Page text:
When it first aired on MTV in 1992, The Real World was viewed—and in some quarters, pooh-poohed—as a grunge-era version of An American Family, the seminal 1973 series that documented the breakthroughs and breakdowns of a household in Santa Barbara, California. An American Family, often cited as the first reality show, really did qualify as a paradigm shift. It aired on PBS, of all places, and exposed a gasping national audience to scenes of uncomfortable intimacy—two parents deciding to get a divorce, a son revealing that he was gay.

Once upon a time, stuff like that was new. People weren’t yet accustomed to the idea of private domestic pandemonium being captured—let alone offered up willingly—on camera. Almost 20 years would pass before producers would reach back into that Pandora’s box of reality programming, and when The Real World’s immortal greeting (“This is the true story of seven strangers picked to live in a loft . . . ”) sing-songed out of our tubes on May 21, 1992, nobody could have predicted what it would usher in.

What it would usher in, of course, was a New America.

If that sounds hyperbolic, go back to that first episode and see what the Old America used to look like. First there are the antiquated modes of communication: Kevin composes his articles and poems on a manual typewriter. Eric, upon arriving at the Manhattan apartment, calls his bros on a landline.

Then comes a subtler signal that we’re inspecting a relic from a lost age: all that earnestness! Consider how incredibly serious Becky, Heather, and Andre are about their careers in music. This is what Generation X was like before everyone decided to have their lives taped. Becky, Heather, and Andre see themselves as artists, not seedlings for a future bumper crop of reality shows. They all seem to be under the impression that they’re taking part in a high-toned documentary. On that first night together they launch into a furrowed-brow discussion about race and class. The episode opens with glacial, Grey Gardens–style pacing: The camera crew follows Julie, the innocent Christian from the sticks, as she makes her way from her family cocoon in Alabama to the blaring, polyglot orgy of New York City. Before she leaves, Julie gets into a spat with her father, a red-nosed drawler who could’ve stepped out of a Tennessee Williams remake of The Dukes of Hazzard. Big Daddy fixes a stare on his daughter and confronts her with a question: “When did you start sayin’ ‘butt’?”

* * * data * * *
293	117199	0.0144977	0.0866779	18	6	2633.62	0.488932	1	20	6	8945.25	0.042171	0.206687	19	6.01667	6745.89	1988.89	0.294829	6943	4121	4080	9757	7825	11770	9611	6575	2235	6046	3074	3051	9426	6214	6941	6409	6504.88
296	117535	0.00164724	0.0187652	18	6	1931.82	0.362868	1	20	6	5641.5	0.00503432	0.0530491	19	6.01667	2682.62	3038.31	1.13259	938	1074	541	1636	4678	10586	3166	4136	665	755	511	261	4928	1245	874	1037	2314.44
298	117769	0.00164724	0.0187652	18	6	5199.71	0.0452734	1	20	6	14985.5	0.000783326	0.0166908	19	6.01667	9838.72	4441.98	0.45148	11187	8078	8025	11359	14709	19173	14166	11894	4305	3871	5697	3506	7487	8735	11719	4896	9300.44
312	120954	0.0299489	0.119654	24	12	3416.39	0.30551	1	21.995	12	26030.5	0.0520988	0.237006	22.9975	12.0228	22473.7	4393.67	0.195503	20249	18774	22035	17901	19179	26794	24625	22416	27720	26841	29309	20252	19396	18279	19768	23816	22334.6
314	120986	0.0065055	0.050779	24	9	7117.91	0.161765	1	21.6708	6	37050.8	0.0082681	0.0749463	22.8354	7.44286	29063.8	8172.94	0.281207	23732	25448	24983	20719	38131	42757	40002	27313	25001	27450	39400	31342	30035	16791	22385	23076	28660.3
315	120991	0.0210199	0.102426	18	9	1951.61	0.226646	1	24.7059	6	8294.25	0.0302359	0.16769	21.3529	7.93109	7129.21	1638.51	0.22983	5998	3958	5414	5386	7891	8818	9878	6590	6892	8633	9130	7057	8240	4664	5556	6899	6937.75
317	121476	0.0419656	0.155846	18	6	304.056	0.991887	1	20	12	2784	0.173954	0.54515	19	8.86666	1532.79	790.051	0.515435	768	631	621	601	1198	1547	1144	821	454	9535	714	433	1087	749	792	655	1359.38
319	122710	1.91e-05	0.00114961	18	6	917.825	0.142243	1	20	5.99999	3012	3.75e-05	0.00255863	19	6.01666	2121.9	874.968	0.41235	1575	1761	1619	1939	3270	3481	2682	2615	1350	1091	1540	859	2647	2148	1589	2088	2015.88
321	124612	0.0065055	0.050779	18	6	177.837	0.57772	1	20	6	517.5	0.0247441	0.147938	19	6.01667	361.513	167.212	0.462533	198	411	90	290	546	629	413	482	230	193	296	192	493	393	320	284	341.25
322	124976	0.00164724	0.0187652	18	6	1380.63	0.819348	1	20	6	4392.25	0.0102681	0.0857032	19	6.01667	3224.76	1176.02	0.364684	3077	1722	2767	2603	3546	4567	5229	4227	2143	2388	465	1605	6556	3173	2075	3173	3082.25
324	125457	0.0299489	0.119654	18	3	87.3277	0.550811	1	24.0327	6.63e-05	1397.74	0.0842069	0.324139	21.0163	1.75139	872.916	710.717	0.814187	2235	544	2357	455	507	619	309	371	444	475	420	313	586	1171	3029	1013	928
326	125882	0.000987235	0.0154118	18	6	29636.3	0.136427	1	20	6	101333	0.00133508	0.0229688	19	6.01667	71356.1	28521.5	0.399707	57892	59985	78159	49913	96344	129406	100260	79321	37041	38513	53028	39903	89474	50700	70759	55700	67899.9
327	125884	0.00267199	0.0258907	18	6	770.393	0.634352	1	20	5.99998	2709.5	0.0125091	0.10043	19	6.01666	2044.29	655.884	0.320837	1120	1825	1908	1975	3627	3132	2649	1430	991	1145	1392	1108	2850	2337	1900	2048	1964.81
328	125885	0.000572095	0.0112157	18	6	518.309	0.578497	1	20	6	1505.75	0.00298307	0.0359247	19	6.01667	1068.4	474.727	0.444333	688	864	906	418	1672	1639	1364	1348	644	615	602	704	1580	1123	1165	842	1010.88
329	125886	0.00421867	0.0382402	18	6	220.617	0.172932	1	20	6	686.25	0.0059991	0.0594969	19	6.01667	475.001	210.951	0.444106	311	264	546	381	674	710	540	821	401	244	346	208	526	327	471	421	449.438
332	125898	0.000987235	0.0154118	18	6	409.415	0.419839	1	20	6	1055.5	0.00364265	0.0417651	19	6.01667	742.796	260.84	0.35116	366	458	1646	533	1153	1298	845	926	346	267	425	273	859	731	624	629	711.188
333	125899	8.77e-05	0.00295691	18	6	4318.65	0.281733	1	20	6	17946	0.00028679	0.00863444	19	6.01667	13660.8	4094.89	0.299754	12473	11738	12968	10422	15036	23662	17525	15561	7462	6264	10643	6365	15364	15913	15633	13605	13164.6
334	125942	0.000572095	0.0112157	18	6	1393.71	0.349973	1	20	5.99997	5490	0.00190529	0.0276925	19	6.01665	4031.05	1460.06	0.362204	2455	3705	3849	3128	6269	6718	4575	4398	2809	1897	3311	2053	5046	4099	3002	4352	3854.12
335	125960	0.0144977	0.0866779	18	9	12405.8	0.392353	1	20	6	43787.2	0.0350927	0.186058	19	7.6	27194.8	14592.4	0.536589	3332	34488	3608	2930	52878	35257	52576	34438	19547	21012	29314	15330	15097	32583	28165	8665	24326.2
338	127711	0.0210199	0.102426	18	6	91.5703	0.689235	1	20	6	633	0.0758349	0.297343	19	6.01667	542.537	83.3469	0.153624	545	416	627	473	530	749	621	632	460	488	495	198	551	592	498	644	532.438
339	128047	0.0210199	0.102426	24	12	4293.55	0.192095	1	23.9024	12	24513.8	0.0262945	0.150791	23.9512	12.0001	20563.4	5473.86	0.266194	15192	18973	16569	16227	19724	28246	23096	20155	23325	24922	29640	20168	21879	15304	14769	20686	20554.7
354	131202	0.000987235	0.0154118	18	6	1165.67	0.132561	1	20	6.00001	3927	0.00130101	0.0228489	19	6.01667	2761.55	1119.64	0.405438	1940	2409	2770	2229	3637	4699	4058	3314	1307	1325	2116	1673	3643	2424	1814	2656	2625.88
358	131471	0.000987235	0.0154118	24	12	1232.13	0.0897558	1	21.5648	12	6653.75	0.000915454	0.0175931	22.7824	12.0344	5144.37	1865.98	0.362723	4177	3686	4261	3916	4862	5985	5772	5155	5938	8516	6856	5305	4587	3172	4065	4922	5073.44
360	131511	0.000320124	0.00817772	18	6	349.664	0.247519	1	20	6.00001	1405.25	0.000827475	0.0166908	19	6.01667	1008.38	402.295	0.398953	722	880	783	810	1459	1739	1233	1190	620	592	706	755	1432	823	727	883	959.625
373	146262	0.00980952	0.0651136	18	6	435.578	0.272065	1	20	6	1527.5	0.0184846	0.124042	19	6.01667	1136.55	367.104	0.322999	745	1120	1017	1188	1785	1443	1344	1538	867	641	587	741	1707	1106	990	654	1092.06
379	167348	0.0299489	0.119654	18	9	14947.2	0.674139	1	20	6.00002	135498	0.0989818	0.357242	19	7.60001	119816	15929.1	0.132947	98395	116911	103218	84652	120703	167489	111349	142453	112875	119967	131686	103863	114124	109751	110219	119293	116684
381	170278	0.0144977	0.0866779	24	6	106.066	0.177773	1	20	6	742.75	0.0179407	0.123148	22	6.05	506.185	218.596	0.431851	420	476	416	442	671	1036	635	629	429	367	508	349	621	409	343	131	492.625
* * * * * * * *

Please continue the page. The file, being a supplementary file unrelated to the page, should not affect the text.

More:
How quaint. The Real World is now, amazingly, entering its 20th season, and it long ago made the transition from grappling with issues to, well, groping for butts. You can buy a DVD devoted to nothing but The Real World: Hook-Ups; it’s packaged like soft-core porn. “Before, there was a sense of real people,” says Melissa Padròn, part of the 1996 Miami cast. “Now everyone’s beautiful, everyone’s ripped, everyone’s ready to jump into bed with everyone else. They know already how it works and what’s expected of them.” It’s easy to accuse MTV of letting the show degenerate into a bed-hopping mating game, but the more complicated fact is that The Real World is just doing what it has always done: taking a snapshot of how it feels to be floating between adolescence and adulthood. If the show is fixated on coupling, the New America is too, from the cover of Us Weekly to the latest political sex scandal to the “most viewed” menu on YouPorn. “When you have Tila Tequila coming on afterward,” says Parisa Montazaran from the Sydney season, “it’s boring to just watch people sit at a table and discuss politics.”